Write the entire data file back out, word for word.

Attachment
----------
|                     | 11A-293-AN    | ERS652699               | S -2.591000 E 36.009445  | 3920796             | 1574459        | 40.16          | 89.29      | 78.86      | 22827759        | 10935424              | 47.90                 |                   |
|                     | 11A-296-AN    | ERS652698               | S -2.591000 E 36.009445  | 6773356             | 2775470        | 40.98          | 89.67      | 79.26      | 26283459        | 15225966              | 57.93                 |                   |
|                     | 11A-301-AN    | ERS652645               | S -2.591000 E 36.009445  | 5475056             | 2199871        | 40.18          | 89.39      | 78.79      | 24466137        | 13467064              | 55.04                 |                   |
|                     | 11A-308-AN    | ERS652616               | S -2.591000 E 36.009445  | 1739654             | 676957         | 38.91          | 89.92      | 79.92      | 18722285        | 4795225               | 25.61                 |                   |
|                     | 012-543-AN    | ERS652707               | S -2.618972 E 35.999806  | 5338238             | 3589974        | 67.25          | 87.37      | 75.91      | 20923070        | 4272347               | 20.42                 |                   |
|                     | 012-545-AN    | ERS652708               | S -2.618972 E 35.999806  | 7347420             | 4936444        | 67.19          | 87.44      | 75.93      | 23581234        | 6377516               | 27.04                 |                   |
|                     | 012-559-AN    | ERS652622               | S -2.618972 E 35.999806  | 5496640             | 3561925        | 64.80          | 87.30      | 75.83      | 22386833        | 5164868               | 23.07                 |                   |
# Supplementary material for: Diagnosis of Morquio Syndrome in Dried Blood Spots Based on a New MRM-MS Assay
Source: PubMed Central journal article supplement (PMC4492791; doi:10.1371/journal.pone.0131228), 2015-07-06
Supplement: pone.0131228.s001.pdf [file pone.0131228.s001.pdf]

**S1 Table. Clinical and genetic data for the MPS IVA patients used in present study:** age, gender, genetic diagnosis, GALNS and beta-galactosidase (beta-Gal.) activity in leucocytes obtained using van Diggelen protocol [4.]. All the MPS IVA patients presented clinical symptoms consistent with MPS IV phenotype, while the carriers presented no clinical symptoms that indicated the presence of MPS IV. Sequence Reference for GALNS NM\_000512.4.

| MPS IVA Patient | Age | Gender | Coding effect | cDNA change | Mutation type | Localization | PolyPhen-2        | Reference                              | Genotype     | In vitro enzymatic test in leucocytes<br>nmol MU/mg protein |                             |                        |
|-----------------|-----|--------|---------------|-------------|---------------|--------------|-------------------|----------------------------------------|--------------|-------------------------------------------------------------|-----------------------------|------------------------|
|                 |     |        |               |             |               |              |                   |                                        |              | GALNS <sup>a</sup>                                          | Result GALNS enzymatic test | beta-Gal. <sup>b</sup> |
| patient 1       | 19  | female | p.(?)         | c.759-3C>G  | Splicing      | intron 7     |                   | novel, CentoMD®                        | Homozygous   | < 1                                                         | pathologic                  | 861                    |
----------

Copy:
|                     | 11A-293-AN    | ERS652699               | S -2.591000 E 36.009445  | 3920796             | 1574459        | 40.16          | 89.29      | 78.86      | 22827759        | 10935424              | 47.90                 |                   |
|                     | 11A-296-AN    | ERS652698               | S -2.591000 E 36.009445  | 6773356             | 2775470        | 40.98          | 89.67      | 79.26      | 26283459        | 15225966              | 57.93                 |                   |
|                     | 11A-301-AN    | ERS652645               | S -2.591000 E 36.009445  | 5475056             | 2199871        | 40.18          | 89.39      | 78.79      | 24466137        | 13467064              | 55.04                 |                   |
|                     | 11A-308-AN    | ERS652616               | S -2.591000 E 36.009445  | 1739654             | 676957         | 38.91          | 89.92      | 79.92      | 18722285        | 4795225               | 25.61                 |                   |
|                     | 012-543-AN    | ERS652707               | S -2.618972 E 35.999806  | 5338238             | 3589974        | 67.25          | 87.37      | 75.91      | 20923070        | 4272347               | 20.42                 |                   |
|                     | 012-545-AN    | ERS652708               | S -2.618972 E 35.999806  | 7347420             | 4936444        | 67.19          | 87.44      | 75.93      | 23581234        | 6377516               | 27.04                 |                   |
|                     | 012-559-AN    | ERS652622               | S -2.618972 E 35.999806  | 5496640             | 3561925        | 64.80          | 87.30      | 75.83      | 22386833        | 5164868               | 23.07                 |                   |
# Supplementary material for: Diagnosis of Morquio Syndrome in Dried Blood Spots Based on a New MRM-MS Assay
Source: PubMed Central journal article supplement (PMC4492791; doi:10.1371/journal.pone.0131228), 2015-07-06
Supplement: pone.0131228.s001.pdf [file pone.0131228.s001.pdf]

**S1 Table. Clinical and genetic data for the MPS IVA patients used in present study:** age, gender, genetic diagnosis, GALNS and beta-galactosidase (beta-Gal.) activity in leucocytes obtained using van Diggelen protocol [4.]. All the MPS IVA patients presented clinical symptoms consistent with MPS IV phenotype, while the carriers presented no clinical symptoms that indicated the presence of MPS IV. Sequence Reference for GALNS NM\_000512.4.

| MPS IVA Patient | Age | Gender | Coding effect | cDNA change | Mutation type | Localization | PolyPhen-2        | Reference                              | Genotype     | In vitro enzymatic test in leucocytes<br>nmol MU/mg protein |                             |                        |
|-----------------|-----|--------|---------------|-------------|---------------|--------------|-------------------|----------------------------------------|--------------|-------------------------------------------------------------|-----------------------------|------------------------|
|                 |     |        |               |             |               |              |                   |                                        |              | GALNS <sup>a</sup>                                          | Result GALNS enzymatic test | beta-Gal. <sup>b</sup> |
| patient 1       | 19  | female | p.(?)         | c.759-3C>G  | Splicing      | intron 7     |                   | novel, CentoMD®                        | Homozygous   | < 1                                                         | pathologic                  | 861                    |